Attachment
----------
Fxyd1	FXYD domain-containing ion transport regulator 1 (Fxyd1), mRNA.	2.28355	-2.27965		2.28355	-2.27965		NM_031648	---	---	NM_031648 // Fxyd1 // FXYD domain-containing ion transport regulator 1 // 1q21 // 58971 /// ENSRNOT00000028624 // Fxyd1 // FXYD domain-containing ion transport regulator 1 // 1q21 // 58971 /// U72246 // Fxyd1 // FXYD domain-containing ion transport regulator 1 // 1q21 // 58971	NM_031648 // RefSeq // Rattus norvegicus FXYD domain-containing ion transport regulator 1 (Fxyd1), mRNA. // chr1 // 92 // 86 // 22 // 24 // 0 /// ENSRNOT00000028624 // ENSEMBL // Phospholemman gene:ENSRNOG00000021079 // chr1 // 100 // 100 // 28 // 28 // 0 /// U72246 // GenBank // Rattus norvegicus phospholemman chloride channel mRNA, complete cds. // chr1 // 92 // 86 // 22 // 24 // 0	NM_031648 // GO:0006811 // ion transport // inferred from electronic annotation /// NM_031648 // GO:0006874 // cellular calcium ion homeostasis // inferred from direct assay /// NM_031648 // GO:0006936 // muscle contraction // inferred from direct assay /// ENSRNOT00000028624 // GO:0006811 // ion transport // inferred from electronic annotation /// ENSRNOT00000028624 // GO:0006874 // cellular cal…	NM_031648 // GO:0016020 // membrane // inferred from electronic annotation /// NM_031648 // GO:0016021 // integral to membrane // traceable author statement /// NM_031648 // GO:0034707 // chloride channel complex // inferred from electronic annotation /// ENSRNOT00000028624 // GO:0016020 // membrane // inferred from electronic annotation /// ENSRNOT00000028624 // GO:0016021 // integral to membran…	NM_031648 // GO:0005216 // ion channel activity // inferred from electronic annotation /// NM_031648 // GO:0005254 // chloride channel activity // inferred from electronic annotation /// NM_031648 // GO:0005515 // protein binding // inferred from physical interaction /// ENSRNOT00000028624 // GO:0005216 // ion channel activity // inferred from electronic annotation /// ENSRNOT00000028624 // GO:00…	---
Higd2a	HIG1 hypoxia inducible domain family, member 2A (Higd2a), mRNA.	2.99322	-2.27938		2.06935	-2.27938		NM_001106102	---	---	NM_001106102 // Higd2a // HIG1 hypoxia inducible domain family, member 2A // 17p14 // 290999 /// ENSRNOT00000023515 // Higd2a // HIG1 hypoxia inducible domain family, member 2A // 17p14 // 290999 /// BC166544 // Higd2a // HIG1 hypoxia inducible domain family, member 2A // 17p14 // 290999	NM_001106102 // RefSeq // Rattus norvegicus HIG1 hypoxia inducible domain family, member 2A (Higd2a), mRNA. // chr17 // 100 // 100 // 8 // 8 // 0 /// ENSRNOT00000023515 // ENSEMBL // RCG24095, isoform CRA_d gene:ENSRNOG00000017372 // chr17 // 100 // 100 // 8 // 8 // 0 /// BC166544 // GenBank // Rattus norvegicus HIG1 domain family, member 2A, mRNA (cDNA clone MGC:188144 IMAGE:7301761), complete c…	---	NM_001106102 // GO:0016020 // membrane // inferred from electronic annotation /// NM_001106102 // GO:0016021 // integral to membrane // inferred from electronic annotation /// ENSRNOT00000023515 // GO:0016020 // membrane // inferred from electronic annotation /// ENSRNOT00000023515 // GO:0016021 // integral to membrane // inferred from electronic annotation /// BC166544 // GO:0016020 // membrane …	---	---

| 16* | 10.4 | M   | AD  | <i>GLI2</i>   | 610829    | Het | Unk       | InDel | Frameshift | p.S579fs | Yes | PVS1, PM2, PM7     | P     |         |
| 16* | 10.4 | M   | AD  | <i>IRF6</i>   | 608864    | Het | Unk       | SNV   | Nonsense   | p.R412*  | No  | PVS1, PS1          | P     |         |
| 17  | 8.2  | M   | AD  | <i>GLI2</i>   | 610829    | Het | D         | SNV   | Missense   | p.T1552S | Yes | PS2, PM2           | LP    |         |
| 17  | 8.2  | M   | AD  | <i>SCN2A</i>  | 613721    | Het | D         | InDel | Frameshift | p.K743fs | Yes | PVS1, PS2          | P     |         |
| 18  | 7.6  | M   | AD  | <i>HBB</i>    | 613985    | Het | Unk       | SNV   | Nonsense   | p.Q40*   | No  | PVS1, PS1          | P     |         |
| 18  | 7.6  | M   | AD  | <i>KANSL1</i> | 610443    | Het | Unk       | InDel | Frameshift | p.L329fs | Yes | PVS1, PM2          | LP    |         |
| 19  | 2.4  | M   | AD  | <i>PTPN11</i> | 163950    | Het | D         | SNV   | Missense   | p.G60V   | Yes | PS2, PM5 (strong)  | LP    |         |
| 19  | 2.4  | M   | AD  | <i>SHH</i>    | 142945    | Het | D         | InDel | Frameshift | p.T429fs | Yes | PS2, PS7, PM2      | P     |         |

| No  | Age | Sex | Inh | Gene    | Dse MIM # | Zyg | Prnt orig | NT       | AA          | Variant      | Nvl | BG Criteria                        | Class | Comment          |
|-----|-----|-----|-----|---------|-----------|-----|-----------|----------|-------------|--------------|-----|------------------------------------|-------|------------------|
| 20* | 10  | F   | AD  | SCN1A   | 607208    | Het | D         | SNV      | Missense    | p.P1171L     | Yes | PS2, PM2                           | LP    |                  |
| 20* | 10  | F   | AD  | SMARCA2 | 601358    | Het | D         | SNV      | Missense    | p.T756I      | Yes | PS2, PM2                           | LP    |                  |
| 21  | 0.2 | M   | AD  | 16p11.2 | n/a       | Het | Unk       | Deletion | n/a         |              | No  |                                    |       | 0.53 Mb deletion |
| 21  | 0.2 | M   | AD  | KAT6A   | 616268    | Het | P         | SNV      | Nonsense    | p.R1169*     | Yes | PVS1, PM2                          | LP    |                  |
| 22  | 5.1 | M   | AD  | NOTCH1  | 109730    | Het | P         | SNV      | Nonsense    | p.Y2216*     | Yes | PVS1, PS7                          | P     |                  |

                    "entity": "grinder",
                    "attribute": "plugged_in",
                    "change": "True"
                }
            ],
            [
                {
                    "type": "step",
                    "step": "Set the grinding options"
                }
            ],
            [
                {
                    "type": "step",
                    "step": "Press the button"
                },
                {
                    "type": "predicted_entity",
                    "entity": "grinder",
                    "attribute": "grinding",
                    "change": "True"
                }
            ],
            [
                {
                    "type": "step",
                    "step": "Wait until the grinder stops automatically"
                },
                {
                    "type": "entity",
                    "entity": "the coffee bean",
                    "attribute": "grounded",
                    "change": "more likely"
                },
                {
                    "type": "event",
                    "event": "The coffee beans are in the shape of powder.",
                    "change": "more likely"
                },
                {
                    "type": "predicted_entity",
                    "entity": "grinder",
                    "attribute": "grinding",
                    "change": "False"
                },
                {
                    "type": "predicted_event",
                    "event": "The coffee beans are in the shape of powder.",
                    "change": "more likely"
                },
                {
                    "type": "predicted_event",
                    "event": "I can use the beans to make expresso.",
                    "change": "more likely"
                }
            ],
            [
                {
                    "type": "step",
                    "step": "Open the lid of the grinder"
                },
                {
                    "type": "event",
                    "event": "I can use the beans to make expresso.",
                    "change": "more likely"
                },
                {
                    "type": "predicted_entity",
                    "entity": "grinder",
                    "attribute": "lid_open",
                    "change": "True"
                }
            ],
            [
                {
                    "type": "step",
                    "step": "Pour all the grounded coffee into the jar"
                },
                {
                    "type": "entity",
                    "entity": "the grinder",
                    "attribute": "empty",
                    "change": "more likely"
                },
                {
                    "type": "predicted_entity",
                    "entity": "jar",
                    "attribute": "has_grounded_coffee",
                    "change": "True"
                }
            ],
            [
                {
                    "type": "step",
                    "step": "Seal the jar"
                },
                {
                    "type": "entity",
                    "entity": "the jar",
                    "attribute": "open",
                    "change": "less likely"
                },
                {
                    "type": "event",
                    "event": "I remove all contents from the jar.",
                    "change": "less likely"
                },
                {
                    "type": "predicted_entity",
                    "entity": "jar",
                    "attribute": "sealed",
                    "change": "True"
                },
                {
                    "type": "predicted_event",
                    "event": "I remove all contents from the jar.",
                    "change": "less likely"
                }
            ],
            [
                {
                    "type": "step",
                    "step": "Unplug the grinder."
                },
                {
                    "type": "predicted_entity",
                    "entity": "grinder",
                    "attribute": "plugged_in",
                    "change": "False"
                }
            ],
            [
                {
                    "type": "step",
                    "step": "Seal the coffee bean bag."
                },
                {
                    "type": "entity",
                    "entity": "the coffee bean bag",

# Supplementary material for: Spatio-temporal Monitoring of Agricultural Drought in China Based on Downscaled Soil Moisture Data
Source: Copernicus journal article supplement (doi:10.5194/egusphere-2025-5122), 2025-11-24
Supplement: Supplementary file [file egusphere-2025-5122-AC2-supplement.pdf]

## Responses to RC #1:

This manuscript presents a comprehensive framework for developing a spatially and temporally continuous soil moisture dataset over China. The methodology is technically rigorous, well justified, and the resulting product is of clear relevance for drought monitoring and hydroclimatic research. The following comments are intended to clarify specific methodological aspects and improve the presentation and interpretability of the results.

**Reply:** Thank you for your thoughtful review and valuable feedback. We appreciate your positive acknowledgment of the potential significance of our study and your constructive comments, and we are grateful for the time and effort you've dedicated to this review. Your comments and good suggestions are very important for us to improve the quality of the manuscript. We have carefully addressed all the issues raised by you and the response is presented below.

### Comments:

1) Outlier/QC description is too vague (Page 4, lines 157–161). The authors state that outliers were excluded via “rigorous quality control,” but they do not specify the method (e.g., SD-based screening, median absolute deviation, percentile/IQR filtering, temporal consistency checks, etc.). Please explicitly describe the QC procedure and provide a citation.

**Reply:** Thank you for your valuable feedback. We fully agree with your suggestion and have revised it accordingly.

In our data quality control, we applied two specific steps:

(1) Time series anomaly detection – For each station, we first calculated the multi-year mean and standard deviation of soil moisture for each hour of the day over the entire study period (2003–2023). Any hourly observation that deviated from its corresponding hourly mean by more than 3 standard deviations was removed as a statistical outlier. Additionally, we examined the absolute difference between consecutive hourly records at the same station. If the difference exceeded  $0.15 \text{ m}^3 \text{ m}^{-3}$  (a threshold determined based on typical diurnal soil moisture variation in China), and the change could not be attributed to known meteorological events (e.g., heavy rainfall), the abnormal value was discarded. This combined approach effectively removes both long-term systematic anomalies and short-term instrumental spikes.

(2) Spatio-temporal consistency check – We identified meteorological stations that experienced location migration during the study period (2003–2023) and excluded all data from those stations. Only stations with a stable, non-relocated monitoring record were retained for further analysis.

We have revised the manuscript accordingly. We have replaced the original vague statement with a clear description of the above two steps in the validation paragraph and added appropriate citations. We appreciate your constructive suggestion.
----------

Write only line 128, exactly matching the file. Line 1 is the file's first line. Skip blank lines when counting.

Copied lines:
                    "attribute": "sealed",